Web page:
How Strange, Innocence was the first release by the Texas post-rock band Explosions In The Sky, recorded and released during springtime of 2000. The full length album was constructed during a relatively amateur period of the bands career, as they had only been playing together for roughly seven months before they decided to make this album. What comes out because of this is a truly jumbled experience filled with magnificent high points and some relative lows. Explosions In The Sky would agree with me in this assessment, as they themselves feel a little ashamed of the album, which is the reason they only pressed 300 original copies.
The record has been available for free download on a website that regularly hosts live recordings of post-rock bands, Kerm.net. However, Explosions In The Sky has finally given in and are going to re-release this album to coincide with their upcoming November 2003 tour. After the tour the album will also be available on several mail order sites, and a vinyl version will be for sale through one of their friends record labels.
In some ways How Strange, Innocence is the antithesis to their later works of Those Who Tell The Truth Shall Die, Those Who Tell The Truth Shall Live Forever, and The Earth Is Not A Cold Dead Place, with the latter being clearly defined albums with unified themes and feelings and the former being more a collection of songs than a solid entity. Perhaps it is right to say that too much emotion went into How Strange, Innocence, which would account for it being all over the place and hard to pin down with one solid theme.
That emotion also transfers into compositions of the songs. Explosions In The Sky clearly has a huge amount of ideas and sounds running around in their head, but they just don’t know how to clearly express them yet in this release. Songs will cut out unexpectedly and begin back up without any clear transition or reason, in similar ways that current rap producers are doing now-a-days. Still, the composition is generally solid, and always enjoyable.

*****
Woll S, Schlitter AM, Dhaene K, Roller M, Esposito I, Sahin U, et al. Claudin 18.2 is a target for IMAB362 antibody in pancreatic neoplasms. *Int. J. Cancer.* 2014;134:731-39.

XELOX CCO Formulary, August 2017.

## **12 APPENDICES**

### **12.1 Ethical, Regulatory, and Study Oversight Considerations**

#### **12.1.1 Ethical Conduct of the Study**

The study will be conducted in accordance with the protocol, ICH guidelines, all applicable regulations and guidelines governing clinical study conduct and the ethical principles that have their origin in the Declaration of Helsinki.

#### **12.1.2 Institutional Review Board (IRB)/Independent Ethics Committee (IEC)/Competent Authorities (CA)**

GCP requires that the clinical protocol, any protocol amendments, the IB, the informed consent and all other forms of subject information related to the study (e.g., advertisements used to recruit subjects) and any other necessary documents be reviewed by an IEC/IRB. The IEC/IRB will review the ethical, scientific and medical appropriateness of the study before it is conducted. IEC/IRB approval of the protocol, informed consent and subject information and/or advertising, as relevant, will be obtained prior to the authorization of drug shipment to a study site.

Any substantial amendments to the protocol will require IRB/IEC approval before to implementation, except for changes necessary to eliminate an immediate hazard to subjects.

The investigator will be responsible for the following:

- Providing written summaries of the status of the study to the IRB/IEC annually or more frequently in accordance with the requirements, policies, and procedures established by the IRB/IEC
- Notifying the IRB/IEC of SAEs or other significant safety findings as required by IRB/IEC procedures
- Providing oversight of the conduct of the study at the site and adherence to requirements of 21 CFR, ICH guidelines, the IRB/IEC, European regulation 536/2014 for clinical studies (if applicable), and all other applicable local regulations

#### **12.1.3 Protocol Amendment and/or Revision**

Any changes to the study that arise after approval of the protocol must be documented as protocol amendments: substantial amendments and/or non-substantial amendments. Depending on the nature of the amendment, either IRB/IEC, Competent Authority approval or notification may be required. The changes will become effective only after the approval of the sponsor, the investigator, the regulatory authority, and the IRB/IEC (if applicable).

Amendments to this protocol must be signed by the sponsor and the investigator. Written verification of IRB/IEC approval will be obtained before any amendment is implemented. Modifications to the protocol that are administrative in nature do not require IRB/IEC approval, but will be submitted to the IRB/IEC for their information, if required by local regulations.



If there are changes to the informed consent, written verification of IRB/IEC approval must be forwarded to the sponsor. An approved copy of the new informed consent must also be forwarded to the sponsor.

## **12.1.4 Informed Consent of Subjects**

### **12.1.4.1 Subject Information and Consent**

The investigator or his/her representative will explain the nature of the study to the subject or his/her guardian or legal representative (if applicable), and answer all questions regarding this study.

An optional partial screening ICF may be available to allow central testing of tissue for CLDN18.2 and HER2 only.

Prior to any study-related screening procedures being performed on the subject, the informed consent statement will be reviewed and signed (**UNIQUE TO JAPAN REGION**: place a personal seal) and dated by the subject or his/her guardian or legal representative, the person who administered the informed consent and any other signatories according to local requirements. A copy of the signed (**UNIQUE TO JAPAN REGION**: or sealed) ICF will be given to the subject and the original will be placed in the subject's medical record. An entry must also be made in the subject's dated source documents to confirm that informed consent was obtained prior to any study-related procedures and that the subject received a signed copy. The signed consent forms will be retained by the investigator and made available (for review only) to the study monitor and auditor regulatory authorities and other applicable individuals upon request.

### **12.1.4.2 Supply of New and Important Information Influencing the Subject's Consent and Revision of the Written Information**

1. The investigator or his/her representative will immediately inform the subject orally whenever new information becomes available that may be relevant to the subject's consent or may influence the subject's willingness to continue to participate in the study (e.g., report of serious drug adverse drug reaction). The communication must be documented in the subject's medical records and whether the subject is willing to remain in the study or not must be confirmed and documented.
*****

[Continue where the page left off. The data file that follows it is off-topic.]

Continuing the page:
Another large difference between How Strange, Innocence and the later albums is the sound quality. Compared to the bands recent albums, with their extremely polished sound quality and warm, rich textures, How Strange, Innocence seems more like a demo created in a friend’s basement with an 8-track recorder. Surprisingly this doesn’t cut down the album at all; in fact it helps it to emphasize the "innocence" of the album.
The one thing that remains constant as an all-encompassing aspect of Explosions In The Sky’s music is the ability for their music to paint vivid pictures in the head of the listener. Instead of the horrors of war given to us in Those Who Tell The Truth we are greeted with much more hopeful and innocent sounds that almost come off as naïve. Every once in a while it might bring us down, as the band proclaims that one song is, in fact, about a "couple waking up on Christmas morning to find their children slaughtered underneath the Christmas tree", but the mood will ultimately stay lighter than that.
Track Listing with descriptions
1. A Song For Our Fathers (5:42)
The whipping of helicopter blades begins How Strange, Innocence. A bass melody is then put into place to begin the song, which is somewhat uncharacteristic of Explosions In The Sky, as they don’t very often use a bass guitar in their songs. Another instrument, rare to Explosions songs, that shows up during A Song For Our Fathers is an acoustic guitar, which is almost never seen during Those Who Tell The Truth. Rising and falling dynamics morph around the same bass melody that exists for the majority of the song. At the end the helicopter returns to finish the song off.